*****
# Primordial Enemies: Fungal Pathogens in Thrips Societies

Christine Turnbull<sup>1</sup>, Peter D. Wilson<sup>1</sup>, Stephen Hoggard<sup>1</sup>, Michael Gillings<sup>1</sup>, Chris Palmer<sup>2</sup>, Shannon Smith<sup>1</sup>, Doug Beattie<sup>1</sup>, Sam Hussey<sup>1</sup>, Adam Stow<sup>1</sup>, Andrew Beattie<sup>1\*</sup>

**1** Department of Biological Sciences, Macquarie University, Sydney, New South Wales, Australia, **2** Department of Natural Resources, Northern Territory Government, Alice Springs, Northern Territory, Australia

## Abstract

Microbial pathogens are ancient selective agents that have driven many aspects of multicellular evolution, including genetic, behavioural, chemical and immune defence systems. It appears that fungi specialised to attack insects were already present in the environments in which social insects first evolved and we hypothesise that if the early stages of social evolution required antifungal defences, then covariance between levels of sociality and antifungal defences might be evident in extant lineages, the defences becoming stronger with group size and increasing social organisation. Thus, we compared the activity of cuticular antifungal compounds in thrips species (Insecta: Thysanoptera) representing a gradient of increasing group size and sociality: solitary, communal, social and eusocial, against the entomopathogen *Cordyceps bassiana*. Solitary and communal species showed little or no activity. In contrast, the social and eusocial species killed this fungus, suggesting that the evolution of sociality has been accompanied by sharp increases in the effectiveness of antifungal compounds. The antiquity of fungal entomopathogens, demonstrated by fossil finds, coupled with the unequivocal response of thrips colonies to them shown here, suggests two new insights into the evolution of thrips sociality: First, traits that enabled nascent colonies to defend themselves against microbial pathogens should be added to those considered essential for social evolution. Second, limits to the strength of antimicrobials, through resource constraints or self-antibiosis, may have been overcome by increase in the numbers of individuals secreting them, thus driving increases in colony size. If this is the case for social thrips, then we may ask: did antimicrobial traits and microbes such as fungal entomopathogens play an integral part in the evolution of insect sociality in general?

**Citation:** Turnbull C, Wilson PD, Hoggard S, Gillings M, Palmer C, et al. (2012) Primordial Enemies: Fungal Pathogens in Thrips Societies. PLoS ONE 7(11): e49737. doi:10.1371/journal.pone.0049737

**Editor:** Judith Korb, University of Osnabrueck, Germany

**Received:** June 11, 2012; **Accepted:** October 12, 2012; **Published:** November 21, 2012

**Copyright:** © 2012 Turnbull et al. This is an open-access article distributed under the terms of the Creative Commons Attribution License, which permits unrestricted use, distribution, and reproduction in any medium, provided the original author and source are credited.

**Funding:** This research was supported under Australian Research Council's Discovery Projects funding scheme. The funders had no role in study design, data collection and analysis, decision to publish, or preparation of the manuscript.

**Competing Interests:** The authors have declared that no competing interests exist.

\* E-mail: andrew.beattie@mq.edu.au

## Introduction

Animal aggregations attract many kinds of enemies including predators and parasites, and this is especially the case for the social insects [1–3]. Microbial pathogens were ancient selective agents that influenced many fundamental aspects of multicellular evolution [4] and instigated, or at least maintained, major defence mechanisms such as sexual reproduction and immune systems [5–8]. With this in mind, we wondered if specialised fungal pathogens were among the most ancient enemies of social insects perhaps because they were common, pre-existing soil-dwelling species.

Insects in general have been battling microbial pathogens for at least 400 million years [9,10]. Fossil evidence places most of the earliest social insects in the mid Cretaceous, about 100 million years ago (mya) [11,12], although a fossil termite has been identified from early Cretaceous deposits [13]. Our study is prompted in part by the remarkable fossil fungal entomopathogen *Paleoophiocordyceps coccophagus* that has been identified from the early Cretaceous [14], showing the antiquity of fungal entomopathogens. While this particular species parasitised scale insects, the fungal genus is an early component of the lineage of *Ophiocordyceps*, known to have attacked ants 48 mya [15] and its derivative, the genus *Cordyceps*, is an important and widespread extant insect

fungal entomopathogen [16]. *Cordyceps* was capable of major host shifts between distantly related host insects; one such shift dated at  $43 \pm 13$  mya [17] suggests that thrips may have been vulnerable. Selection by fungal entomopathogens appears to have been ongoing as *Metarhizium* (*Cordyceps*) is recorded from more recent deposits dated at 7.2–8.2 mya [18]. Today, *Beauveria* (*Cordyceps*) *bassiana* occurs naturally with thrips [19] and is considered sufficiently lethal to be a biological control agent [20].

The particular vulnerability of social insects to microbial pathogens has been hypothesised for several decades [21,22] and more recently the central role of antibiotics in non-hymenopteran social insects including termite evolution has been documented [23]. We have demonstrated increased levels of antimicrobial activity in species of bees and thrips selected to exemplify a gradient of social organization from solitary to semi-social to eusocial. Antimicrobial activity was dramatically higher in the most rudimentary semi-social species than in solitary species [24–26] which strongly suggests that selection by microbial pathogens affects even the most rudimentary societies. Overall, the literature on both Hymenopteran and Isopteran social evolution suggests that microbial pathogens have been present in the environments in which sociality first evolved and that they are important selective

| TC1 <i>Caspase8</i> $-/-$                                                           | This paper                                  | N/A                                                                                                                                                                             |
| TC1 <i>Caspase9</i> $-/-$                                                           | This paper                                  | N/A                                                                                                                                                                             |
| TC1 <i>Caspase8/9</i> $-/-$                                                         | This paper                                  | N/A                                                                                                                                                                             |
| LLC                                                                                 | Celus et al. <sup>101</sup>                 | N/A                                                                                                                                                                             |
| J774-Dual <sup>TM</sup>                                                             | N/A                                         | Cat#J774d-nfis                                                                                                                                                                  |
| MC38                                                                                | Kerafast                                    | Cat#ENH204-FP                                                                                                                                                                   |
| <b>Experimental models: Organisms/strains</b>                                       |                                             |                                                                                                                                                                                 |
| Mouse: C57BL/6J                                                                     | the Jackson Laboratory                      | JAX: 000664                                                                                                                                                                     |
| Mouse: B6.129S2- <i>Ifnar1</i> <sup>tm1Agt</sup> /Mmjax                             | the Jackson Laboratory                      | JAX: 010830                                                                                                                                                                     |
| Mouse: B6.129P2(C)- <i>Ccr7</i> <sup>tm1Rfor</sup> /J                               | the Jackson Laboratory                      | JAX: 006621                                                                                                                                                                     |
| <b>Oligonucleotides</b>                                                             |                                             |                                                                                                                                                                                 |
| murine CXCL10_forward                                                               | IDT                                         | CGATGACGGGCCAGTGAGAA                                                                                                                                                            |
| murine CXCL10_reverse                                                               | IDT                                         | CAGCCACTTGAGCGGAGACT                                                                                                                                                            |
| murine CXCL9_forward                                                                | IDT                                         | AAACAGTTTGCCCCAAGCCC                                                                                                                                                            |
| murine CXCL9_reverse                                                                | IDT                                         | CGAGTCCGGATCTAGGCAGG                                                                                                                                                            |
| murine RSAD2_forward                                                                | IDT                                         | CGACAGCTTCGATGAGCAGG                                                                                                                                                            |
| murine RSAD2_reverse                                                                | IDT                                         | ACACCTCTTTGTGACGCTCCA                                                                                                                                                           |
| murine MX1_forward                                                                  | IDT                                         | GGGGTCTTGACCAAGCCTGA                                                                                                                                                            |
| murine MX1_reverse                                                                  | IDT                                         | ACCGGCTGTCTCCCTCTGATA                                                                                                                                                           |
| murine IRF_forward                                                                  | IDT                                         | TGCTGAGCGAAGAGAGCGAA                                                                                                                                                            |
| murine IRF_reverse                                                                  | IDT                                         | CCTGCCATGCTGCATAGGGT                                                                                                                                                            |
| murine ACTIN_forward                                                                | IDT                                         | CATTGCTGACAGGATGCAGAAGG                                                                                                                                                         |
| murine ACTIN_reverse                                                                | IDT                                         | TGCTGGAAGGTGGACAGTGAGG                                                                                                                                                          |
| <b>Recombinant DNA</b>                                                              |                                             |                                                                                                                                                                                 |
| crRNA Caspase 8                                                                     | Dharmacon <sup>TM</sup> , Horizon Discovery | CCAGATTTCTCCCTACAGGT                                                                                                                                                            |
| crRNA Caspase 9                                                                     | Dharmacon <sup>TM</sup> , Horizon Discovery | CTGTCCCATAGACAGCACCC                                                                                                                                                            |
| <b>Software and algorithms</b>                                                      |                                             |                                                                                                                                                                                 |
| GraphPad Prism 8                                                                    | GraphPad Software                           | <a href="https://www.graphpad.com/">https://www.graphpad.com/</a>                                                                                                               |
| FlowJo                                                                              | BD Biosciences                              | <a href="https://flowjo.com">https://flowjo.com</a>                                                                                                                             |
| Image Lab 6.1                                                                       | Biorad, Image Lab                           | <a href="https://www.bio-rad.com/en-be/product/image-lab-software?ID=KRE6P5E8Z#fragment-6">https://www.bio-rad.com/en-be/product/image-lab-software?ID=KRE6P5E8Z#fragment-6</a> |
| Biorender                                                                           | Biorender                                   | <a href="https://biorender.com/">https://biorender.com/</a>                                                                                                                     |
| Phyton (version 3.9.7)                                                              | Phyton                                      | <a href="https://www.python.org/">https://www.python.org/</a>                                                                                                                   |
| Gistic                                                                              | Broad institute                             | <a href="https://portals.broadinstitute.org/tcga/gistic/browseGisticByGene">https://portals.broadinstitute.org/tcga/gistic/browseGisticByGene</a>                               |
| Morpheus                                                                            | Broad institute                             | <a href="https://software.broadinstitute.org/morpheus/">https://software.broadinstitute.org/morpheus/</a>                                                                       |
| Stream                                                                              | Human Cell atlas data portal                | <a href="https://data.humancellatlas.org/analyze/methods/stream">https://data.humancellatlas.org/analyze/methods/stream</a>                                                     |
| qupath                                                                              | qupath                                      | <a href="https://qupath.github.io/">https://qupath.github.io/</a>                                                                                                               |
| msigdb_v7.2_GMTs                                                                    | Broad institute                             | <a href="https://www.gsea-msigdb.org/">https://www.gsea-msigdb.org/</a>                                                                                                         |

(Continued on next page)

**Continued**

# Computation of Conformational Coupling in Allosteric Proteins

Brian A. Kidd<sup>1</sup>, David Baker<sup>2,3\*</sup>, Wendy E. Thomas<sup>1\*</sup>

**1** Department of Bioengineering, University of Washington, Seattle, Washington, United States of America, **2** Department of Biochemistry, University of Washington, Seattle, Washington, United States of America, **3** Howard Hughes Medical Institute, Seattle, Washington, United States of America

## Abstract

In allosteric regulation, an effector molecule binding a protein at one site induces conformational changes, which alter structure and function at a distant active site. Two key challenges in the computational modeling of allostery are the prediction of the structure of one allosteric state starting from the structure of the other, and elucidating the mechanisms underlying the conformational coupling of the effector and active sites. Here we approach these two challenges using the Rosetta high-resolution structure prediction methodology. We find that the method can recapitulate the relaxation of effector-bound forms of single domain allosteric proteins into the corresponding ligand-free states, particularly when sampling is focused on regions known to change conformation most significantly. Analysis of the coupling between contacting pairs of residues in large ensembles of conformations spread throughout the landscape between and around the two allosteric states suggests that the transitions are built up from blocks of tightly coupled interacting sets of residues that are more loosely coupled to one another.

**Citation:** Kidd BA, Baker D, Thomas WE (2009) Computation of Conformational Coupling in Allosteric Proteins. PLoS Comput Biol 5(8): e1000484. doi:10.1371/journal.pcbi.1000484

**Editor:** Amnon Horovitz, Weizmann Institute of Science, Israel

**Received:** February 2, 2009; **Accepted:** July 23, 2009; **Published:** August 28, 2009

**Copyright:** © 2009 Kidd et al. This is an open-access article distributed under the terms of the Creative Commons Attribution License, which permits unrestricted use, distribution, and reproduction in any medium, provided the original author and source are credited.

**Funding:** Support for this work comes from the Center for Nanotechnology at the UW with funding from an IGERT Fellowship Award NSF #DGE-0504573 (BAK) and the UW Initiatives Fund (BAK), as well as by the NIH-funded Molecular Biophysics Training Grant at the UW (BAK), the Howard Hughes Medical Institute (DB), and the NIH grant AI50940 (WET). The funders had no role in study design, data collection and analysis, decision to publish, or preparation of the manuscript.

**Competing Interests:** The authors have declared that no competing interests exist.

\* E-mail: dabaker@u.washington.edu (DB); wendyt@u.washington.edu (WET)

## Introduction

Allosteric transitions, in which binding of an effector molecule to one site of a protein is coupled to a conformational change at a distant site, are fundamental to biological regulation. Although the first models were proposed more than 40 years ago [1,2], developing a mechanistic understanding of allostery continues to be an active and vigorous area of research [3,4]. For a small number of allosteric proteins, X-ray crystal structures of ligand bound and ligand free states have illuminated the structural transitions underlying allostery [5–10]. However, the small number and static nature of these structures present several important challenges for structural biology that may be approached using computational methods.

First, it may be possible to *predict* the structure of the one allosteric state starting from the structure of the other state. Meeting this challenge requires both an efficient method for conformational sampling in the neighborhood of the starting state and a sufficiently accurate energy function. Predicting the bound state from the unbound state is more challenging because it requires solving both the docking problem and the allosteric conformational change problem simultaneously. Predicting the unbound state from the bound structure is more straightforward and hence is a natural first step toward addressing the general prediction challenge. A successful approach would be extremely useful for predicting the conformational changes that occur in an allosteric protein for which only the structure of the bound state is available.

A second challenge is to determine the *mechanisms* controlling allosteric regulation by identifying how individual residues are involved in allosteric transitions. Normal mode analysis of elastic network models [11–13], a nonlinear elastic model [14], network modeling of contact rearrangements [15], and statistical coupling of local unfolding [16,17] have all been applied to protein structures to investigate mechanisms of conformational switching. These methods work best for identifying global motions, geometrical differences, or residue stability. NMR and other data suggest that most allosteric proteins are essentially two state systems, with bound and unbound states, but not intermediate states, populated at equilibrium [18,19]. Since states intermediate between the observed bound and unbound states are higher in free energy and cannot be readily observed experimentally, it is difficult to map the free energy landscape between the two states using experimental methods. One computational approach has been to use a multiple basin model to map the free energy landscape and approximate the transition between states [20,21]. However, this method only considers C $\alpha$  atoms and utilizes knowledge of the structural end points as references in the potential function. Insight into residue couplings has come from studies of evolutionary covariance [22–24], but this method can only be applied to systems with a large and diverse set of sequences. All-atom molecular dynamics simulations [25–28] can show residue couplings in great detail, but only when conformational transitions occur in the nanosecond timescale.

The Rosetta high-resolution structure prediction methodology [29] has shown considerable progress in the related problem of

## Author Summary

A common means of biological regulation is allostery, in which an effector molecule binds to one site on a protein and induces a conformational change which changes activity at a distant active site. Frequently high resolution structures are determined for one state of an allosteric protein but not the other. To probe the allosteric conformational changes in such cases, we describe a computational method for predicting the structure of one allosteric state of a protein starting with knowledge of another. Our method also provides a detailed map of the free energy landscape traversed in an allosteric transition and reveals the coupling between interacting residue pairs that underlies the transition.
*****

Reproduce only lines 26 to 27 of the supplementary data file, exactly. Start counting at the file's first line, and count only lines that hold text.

| Mouse: B6.129S2- <i>Ifnar1</i> <sup>tm1Agt</sup> /Mmjax                             | the Jackson Laboratory                      | JAX: 010830                                                                                                                                                                     |
| Mouse: B6.129P2(C)- <i>Ccr7</i> <sup>tm1Rfor</sup> /J                               | the Jackson Laboratory                      | JAX: 006621                                                                                                                                                                     |